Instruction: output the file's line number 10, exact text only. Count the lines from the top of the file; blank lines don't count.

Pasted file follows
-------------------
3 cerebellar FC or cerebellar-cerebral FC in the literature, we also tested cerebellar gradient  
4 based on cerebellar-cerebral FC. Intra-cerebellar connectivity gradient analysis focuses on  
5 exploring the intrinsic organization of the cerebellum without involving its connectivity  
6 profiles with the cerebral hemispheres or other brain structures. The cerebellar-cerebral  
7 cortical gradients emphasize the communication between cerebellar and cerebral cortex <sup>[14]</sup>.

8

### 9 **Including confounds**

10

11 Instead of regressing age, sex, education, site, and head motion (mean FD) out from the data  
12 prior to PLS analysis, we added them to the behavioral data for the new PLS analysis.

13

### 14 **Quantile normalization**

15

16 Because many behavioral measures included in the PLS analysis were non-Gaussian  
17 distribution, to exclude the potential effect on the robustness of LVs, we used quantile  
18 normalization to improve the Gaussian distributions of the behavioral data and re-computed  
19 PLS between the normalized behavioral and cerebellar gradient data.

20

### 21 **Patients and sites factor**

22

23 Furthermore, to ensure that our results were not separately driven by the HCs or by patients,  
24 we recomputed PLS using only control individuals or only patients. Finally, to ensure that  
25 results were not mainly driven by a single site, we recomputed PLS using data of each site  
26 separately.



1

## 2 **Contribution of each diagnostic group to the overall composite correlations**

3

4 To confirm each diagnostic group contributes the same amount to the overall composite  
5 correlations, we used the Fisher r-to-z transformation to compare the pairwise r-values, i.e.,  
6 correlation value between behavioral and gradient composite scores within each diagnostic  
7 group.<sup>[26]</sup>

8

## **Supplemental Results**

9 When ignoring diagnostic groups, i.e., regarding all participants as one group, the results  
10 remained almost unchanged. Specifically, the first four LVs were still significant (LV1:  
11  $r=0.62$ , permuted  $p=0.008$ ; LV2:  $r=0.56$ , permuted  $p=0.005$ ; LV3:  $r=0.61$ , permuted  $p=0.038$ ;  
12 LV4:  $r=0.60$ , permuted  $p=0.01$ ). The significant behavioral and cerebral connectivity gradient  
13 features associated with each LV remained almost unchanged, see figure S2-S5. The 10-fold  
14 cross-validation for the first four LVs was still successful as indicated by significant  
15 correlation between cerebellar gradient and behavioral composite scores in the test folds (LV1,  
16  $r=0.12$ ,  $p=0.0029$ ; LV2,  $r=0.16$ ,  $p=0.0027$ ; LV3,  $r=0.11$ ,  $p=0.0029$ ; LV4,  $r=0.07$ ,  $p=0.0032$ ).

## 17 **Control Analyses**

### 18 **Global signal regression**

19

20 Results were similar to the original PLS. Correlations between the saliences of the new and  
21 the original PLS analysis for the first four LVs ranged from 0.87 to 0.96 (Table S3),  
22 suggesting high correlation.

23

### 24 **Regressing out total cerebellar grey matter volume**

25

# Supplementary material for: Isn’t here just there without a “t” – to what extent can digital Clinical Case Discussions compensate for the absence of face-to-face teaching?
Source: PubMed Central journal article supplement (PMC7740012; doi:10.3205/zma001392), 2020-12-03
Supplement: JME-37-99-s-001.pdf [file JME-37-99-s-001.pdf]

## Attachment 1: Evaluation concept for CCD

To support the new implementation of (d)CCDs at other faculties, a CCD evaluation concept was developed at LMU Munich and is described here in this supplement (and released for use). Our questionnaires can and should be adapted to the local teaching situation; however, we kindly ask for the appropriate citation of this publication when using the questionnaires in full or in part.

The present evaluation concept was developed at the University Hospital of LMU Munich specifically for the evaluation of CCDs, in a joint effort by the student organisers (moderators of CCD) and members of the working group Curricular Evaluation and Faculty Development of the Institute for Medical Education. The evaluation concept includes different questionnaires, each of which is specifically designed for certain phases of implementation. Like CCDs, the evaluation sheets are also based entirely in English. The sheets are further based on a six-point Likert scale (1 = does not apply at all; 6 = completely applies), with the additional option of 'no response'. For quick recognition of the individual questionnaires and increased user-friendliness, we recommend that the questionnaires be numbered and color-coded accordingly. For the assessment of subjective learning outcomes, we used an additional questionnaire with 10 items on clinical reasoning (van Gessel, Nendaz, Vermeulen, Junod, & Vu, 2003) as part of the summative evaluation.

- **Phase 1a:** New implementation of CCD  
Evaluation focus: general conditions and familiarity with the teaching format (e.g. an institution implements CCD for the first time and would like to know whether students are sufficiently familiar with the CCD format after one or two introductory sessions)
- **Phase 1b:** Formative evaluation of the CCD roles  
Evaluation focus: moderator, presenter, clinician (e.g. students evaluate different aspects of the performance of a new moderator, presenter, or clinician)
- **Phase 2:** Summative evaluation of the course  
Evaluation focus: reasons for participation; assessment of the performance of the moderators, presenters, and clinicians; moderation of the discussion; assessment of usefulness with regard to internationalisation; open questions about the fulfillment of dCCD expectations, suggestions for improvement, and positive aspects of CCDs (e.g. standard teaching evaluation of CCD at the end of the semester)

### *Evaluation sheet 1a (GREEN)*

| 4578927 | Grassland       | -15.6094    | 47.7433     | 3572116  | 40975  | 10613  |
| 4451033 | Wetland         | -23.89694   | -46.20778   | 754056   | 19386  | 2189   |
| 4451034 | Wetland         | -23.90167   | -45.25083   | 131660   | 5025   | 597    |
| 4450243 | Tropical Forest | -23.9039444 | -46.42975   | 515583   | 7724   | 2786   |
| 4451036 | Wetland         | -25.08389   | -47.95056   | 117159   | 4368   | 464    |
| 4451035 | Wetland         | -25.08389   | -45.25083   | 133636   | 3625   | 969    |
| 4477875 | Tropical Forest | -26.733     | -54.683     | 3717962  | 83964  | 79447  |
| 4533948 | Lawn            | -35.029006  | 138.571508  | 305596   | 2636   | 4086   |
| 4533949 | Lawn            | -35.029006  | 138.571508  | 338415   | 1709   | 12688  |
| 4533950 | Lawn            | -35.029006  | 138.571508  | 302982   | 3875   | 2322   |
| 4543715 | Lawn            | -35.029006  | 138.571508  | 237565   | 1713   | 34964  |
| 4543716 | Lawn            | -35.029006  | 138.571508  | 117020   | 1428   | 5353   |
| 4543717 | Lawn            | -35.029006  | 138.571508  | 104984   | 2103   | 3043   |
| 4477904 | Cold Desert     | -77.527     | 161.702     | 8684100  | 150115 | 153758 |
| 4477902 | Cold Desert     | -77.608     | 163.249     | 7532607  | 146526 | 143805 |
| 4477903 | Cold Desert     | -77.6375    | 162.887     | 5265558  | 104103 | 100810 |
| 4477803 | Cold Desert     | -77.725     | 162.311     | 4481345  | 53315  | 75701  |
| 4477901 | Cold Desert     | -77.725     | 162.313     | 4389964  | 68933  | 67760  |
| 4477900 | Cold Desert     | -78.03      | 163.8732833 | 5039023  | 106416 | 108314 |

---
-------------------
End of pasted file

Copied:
12 prior to PLS analysis, we added them to the behavioral data for the new PLS analysis.